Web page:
3.1 Scrollable Credits

This one is pretty obvious and suitable most of the time. In the beginning of the Star Wars movies, and in the end of most other movies. In popular games such as Angry Birds, it is used in combination with buttons that scroll up and down and when you finish reading the credits, you can even find a bonus in the form of a golden egg. This works pretty well for most basic stuff and if you want to do it quick and unspectacular, it is probably the way to go. Since we didn’t want to spend too much time on the about this also was our first approach which looked like this in an early version:

Scrollable credits

Our approach to scrollable credits

However, we found this didn’t quite fulfill what we wanted. It didn’t really suit the rest of the game and it would make using functionality like entering a promo code a hassle since one would have to wait for the right button to appear on the screen in first. And since promo codes are usually given to people you want to review your game, making this process as easy as possible is what one should be striving for. So we decided to try something different.

3.2 Buttons & Dialogs

Our next attempt was to create a buttons-and-dialogs version, which can also be seen in many games. Especially if you don’t want to have a complete screen for your about, a little popup dialog can do the job. For us, we need a bit more than one entry point. We came up with three main buttons which would each open a dialog which would then provide more details. In addition to this we had two social media buttons and, of course, an access to sign in and out of google play games. Our approach looked like this:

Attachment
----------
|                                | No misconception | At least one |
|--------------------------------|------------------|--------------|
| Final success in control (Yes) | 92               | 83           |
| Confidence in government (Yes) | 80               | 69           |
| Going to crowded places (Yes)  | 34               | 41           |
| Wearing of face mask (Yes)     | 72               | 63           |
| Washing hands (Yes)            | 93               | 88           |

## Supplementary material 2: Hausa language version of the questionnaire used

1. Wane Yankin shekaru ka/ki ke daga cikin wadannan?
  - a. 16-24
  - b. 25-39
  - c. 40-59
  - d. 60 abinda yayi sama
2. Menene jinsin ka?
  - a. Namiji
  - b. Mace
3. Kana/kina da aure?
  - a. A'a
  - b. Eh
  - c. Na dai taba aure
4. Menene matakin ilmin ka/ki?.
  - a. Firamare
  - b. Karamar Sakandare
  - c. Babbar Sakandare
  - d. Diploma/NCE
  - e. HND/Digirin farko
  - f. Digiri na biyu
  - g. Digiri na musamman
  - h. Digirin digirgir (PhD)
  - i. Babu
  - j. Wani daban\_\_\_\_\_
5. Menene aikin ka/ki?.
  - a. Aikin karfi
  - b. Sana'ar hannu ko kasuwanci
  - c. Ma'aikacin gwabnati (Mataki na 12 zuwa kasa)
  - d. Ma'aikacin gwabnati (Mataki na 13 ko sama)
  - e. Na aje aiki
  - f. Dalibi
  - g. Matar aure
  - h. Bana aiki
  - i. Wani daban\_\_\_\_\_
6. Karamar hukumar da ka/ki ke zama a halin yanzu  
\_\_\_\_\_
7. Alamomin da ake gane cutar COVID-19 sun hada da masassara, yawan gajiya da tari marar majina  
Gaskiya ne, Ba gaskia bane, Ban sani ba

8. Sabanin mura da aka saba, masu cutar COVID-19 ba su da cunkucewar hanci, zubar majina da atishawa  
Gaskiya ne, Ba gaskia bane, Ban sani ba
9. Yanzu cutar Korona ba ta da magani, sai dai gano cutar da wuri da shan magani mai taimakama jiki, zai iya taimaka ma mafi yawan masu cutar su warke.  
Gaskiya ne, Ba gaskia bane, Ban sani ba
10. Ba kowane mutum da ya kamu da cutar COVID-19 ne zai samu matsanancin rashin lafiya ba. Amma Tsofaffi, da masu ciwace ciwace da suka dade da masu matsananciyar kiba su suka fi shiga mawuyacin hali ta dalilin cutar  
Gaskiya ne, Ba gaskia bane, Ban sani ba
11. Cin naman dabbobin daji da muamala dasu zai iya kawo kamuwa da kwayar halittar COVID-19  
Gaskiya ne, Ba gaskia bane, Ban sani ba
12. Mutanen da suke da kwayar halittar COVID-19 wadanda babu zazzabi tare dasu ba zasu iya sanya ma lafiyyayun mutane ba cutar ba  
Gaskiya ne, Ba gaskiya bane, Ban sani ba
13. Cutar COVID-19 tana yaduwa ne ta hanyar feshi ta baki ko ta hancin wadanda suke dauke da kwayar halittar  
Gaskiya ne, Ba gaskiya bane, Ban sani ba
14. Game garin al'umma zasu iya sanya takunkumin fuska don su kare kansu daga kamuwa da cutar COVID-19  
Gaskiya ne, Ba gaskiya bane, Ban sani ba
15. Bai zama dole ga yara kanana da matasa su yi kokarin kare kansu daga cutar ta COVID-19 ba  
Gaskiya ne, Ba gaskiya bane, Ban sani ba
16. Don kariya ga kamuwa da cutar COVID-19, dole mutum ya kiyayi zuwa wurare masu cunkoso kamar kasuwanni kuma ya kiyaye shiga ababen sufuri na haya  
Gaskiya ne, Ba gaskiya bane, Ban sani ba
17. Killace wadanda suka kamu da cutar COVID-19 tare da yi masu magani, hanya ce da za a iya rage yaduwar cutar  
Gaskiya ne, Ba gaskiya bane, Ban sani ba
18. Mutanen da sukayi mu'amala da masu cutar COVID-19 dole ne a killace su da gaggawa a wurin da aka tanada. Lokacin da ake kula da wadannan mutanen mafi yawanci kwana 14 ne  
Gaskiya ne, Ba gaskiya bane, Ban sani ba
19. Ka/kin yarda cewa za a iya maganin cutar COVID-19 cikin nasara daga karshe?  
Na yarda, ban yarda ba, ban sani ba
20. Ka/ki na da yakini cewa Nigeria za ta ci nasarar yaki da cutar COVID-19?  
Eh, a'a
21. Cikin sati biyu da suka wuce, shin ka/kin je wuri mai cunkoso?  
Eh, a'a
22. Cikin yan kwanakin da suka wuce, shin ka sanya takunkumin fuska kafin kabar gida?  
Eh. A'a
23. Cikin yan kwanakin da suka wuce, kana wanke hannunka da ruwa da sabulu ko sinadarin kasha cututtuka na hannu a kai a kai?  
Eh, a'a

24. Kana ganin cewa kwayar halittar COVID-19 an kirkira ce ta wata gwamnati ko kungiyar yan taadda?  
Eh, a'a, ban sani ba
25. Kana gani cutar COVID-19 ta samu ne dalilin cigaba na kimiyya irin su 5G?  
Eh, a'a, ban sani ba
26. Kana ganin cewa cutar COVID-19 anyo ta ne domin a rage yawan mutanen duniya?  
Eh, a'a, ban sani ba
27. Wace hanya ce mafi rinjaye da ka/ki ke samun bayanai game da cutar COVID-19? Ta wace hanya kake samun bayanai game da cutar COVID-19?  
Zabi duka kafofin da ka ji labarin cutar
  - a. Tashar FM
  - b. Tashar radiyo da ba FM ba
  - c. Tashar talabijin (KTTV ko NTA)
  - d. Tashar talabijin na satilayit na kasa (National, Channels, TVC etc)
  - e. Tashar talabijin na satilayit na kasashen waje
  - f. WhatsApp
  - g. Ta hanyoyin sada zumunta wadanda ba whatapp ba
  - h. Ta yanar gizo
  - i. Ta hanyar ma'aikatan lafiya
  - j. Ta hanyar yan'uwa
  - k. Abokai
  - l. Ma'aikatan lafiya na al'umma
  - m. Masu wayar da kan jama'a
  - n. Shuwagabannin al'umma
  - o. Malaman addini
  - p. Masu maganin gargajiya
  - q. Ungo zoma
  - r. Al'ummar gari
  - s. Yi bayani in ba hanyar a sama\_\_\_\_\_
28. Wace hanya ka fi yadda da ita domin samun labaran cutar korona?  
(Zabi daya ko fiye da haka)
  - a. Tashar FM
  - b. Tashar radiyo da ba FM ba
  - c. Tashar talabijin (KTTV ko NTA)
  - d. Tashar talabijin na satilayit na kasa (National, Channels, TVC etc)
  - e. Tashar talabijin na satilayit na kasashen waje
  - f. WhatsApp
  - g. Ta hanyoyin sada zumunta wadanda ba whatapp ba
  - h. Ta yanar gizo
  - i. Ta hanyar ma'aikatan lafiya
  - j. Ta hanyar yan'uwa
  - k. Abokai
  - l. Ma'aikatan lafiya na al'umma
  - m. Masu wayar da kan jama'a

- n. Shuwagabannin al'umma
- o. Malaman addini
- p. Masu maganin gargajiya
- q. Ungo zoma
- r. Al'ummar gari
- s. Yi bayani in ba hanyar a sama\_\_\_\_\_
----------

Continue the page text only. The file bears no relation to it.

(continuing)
Dialog credit buttons

Each of the buttons leads to different dialogs

Six buttons (phew, that’s a lot!)! The “Credits”-button would lead to a dialog containing credits, licenses and so forth as a scrollable view. “Support” would bring you to a dialog which included buttons such as “Contact” and “Privacy”, and “Promo” was just responsible for showing a dialog for entering a promo code. Way too complicated!

3.3 Combination

Now that we had tried this two solutions, we decided we had to do both, an approach which I haven’t seen yet: